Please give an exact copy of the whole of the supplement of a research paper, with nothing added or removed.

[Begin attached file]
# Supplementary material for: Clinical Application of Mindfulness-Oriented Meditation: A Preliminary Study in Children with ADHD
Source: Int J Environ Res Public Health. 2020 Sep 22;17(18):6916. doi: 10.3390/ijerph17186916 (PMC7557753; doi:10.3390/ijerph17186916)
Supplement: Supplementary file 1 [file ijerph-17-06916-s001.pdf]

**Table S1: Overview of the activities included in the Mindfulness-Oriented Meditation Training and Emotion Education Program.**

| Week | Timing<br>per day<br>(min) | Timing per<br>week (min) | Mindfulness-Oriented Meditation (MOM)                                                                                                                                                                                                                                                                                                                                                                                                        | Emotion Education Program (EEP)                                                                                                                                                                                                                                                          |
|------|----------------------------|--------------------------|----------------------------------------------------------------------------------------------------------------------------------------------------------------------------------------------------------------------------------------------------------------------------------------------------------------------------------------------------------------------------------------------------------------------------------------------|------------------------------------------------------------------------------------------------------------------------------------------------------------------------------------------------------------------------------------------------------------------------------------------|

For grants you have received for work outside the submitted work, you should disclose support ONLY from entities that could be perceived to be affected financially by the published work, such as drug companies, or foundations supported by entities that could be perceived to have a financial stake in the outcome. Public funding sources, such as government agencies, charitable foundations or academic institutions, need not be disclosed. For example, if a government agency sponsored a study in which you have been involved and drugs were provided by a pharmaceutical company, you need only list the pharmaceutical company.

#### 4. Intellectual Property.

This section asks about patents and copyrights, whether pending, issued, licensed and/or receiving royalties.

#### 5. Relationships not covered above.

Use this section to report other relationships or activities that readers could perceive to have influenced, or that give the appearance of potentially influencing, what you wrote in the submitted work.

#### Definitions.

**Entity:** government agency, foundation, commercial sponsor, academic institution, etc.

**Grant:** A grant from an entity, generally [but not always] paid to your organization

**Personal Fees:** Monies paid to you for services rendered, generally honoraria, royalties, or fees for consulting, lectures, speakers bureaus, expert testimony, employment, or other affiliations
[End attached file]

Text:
# Supplementary material for: Clinical Application of Mindfulness-Oriented Meditation: A Preliminary Study in Children with ADHD
Source: Int J Environ Res Public Health. 2020 Sep 22;17(18):6916. doi: 10.3390/ijerph17186916 (PMC7557753; doi:10.3390/ijerph17186916)
Supplement: Supplementary file 1 [file ijerph-17-06916-s001.pdf]

**Table S1: Overview of the activities included in the Mindfulness-Oriented Meditation Training and Emotion Education Program.**

| Week | Timing<br>per day<br>(min) | Timing per<br>week (min) | Mindfulness-Oriented Meditation (MOM)                                                                                                                                                                                                                                                                                                                                                                                                        | Emotion Education Program (EEP)                                                                                                                                                                                                                                                          |
|------|----------------------------|--------------------------|----------------------------------------------------------------------------------------------------------------------------------------------------------------------------------------------------------------------------------------------------------------------------------------------------------------------------------------------------------------------------------------------------------------------------------------------|------------------------------------------------------------------------------------------------------------------------------------------------------------------------------------------------------------------------------------------------------------------------------------------|

For grants you have received for work outside the submitted work, you should disclose support ONLY from entities that could be perceived to be affected financially by the published work, such as drug companies, or foundations supported by entities that could be perceived to have a financial stake in the outcome. Public funding sources, such as government agencies, charitable foundations or academic institutions, need not be disclosed. For example, if a government agency sponsored a study in which you have been involved and drugs were provided by a pharmaceutical company, you need only list the pharmaceutical company.

#### 4. Intellectual Property.

This section asks about patents and copyrights, whether pending, issued, licensed and/or receiving royalties.

#### 5. Relationships not covered above.

Use this section to report other relationships or activities that readers could perceive to have influenced, or that give the appearance of potentially influencing, what you wrote in the submitted work.

#### Definitions.

**Entity:** government agency, foundation, commercial sponsor, academic institution, etc.

**Grant:** A grant from an entity, generally [but not always] paid to your organization

**Personal Fees:** Monies paid to you for services rendered, generally honoraria, royalties, or fees for consulting, lectures, speakers bureaus, expert testimony, employment, or other affiliations